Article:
Laffer curve

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  • noun

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a graph purporting to show the relation between tax rates and government income

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The Laffer curve can also shift due to changes in the elasticity of the labor supply to a tax change.
Chart 6 shows the distributions of fiscal limits under an alternative scenario: I assume the government can no longer tax at the peak of the Laffer curve; instead the maximum tax rate is fixed at 40 percent.
Given this path, I compute the path of discount factors, which depend on people's optimization conditions as detailed in appendix A, and the path of maximum fiscal surpluses, which depend on the peak of the Laffer curve. With those in hand, I can compute the discounted sum of future maximum surpluses, [b*.sub.t], that is associated with this specific path of future shocks.
The Laffer curve and me theory of the fiscal bureaucracy.
(2004), The Laffer curve. Past, Present and Future, Heritage, Foundation.
(1999), Explorations of the Laffer curve, Wurzburg Economic Papers 99-09.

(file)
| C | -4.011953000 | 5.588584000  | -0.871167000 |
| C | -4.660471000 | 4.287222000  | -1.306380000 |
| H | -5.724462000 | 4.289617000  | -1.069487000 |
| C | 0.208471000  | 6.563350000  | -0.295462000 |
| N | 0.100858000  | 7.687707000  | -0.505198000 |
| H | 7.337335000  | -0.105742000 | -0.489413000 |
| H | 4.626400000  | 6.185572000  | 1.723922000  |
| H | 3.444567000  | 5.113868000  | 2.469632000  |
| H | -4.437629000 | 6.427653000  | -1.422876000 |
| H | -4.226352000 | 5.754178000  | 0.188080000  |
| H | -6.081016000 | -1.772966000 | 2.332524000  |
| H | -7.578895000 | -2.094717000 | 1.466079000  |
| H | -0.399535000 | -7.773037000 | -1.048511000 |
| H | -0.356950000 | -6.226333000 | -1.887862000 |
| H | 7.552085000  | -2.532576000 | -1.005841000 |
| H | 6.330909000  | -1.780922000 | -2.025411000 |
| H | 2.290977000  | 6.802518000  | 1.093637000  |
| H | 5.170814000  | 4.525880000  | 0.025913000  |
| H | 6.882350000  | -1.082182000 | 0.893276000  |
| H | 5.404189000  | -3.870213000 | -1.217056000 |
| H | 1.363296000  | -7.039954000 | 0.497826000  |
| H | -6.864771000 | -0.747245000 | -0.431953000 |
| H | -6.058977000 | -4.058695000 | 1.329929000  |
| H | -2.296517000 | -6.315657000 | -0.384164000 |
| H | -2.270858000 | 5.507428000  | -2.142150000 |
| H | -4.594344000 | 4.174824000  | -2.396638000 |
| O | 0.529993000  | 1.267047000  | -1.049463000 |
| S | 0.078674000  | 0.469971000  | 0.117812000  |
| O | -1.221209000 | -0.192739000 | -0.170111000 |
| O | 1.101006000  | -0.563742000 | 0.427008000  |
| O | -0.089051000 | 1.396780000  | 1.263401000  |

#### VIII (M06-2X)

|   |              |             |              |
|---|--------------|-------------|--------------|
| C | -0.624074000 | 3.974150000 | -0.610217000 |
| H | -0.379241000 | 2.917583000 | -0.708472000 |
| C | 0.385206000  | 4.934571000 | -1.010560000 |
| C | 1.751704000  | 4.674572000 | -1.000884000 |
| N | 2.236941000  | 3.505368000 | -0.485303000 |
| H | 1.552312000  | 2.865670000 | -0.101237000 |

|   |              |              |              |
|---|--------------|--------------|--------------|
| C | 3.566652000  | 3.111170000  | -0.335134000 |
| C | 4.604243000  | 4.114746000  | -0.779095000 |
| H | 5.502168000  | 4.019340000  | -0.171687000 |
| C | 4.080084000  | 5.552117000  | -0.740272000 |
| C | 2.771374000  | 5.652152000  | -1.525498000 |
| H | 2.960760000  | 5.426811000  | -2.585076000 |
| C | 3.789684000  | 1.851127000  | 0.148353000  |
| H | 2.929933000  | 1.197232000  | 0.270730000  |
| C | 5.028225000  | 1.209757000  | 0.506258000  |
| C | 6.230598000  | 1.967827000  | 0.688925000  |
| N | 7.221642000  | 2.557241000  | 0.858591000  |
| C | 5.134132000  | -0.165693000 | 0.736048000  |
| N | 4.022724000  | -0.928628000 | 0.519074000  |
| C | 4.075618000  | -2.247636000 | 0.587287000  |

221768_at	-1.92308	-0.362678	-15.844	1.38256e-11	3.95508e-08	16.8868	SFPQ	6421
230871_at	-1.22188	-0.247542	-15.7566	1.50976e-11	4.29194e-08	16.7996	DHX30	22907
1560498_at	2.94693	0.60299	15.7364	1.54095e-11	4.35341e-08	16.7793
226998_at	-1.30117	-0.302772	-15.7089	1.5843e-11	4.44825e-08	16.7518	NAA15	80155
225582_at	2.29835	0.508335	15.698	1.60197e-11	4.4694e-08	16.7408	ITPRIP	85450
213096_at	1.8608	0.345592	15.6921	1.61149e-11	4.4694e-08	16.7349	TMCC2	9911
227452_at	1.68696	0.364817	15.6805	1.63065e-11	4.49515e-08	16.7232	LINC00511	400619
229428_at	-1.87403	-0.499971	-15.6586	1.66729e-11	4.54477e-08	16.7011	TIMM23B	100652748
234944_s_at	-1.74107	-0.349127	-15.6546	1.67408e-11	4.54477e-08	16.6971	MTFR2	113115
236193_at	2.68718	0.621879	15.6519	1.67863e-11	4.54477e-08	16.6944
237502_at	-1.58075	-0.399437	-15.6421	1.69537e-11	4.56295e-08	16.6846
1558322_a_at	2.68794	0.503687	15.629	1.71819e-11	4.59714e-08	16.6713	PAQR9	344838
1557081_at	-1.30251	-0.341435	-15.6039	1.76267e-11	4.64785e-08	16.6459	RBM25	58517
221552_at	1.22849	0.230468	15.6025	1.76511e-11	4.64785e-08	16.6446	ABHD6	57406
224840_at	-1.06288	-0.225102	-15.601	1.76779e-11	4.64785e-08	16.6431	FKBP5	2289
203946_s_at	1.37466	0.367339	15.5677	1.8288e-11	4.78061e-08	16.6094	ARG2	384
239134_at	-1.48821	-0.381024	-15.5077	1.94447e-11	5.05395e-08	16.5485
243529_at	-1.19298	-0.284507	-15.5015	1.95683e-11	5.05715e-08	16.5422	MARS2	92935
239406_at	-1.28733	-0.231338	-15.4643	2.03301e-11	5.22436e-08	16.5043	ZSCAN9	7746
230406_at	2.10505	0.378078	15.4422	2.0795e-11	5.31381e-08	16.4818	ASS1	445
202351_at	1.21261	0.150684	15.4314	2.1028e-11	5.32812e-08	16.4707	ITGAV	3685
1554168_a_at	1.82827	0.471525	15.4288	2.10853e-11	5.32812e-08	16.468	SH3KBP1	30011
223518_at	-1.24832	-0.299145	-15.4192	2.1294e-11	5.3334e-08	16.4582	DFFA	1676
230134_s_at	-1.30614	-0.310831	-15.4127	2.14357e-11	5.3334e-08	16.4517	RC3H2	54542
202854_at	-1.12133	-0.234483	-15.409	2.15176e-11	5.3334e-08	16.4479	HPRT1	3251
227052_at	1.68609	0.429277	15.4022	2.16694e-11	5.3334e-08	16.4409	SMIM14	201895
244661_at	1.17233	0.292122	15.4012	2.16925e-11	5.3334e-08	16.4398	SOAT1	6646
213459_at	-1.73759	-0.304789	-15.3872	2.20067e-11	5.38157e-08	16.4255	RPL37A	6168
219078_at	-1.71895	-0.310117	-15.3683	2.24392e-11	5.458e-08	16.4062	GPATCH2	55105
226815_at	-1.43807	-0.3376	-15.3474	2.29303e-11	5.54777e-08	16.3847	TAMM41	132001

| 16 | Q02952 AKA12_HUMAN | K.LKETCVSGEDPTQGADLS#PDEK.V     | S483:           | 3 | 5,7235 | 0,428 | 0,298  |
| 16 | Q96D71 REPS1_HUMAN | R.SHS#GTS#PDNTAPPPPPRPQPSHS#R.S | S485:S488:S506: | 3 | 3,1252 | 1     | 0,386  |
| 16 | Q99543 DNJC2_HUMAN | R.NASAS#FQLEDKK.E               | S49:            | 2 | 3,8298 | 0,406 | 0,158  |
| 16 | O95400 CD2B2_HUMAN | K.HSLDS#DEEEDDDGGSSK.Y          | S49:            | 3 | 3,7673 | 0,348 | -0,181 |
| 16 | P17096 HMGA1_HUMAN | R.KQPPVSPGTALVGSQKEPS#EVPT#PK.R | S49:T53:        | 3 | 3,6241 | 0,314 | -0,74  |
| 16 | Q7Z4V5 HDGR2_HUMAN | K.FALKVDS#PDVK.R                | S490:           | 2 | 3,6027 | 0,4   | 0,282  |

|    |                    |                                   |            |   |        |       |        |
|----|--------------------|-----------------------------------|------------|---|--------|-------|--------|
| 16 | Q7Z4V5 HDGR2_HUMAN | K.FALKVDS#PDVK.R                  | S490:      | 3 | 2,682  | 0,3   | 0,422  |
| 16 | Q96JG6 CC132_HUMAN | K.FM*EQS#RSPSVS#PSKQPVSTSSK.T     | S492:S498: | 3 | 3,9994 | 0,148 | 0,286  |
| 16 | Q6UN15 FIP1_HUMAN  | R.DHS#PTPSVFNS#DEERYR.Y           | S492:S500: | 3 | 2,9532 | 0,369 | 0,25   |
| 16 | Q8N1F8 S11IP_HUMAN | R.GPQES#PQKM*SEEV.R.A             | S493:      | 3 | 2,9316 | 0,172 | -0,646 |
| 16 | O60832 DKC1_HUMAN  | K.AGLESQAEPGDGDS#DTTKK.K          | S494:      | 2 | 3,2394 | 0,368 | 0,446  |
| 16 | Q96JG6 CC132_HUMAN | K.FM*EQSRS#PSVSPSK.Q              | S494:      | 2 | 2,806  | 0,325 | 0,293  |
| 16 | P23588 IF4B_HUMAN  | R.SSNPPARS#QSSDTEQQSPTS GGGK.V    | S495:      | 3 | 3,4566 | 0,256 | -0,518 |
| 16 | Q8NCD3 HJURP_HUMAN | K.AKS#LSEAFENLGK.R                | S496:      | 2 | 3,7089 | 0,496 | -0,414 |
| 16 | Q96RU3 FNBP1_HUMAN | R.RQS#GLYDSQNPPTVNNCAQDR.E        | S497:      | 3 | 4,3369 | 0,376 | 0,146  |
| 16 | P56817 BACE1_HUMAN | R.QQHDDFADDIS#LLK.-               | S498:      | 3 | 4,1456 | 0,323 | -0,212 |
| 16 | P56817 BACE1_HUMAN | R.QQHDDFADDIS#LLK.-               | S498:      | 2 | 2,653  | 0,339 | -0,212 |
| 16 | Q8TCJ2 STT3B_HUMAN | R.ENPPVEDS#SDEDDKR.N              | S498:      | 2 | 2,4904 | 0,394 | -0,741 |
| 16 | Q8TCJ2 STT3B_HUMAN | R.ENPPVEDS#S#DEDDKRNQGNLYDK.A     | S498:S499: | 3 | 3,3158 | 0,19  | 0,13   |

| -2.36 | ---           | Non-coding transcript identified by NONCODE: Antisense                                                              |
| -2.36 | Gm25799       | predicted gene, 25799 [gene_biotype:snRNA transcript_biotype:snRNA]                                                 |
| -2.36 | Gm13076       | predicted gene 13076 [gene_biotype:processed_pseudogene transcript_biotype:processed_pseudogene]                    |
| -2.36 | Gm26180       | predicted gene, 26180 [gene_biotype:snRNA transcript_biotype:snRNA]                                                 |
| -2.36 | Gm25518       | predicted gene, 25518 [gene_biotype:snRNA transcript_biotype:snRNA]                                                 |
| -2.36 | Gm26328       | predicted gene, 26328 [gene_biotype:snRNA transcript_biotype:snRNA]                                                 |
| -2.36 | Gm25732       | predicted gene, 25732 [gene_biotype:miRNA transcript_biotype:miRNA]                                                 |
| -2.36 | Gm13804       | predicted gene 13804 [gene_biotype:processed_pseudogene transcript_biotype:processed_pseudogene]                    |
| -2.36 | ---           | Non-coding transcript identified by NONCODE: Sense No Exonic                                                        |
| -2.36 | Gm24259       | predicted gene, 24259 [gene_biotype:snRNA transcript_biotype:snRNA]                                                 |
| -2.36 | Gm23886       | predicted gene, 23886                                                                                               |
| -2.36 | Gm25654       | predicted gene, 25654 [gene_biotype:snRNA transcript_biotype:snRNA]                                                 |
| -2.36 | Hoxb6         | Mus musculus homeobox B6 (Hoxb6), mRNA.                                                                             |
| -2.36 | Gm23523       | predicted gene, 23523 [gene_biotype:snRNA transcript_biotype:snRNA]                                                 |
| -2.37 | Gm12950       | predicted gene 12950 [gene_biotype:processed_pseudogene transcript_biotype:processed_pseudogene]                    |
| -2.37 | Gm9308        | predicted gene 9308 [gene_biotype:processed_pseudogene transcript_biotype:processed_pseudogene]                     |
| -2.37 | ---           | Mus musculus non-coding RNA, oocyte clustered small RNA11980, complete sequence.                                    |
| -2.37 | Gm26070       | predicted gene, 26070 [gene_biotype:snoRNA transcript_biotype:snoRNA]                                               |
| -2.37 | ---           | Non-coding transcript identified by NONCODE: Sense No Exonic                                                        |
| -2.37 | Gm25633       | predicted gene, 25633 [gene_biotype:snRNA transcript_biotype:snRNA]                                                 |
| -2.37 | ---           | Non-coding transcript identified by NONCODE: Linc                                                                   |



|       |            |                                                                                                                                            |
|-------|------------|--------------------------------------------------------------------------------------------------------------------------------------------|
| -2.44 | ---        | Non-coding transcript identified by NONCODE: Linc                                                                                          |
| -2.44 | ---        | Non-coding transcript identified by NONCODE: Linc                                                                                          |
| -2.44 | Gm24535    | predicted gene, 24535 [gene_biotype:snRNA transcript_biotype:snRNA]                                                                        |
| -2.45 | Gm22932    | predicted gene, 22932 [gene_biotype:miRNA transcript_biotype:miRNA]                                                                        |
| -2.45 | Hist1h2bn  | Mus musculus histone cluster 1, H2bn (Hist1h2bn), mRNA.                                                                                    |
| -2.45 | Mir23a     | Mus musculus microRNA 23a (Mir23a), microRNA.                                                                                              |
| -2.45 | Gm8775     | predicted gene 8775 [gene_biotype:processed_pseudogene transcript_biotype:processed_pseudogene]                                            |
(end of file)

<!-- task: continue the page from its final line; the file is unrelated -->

Finally after deriving the micro Laffer curves of individuals who differ in their wage rate and demonstrating how the multi-peaked aggregate macro Laffer curve is derived, we devote the last section to a discussion of some possible implications and conclusions.
The transformation from the individual curve to the aggregate Laffer curve does not lead necessarily to the same shape, and under certain conditions (conditions that appear to hold in many Western countries) it is more likely that the vertical summation of individualistic Laffer curves of different individuals will generate a curve with dual, multiple and even continuous regions of peak values of tax revenue.
The Laffer Curve, one of the icons of supply-side economics, was born (American Spectator, Jan/Feb 2002).
Which of the three Laffer curves in Chart 3 is the correct one for the 1980s under the Reagan administration?
However, it must be noted that the strong assumptions on the form of the utility and production functions may limit the shape of the associated Laffer curves.
It has been said that the virtue of the Laffer curve is that you can explain it to a congressman in half an hour and he can talk about it for six months.
Under the assumption that the governments' objectives are leviathan revenue maximization, she demonstrates that when two governments are allowed to tax the same good, the combined tax rate will lie on the backward-bending portion of the Laffer curve. To understand the logic behind her result, consider Figure 2a and b.
If only one government taxes a particular tax base, it could maximize tax revenue by setting a tax rate corresponding to the point at the peak of the Laffer curve. This is shown in Figure 2a.
This result implies that a single monopoly taxing authority can raise more revenue (taxing at point A, the peak of the Laffer curve) than the combined revenues of two taxing governments.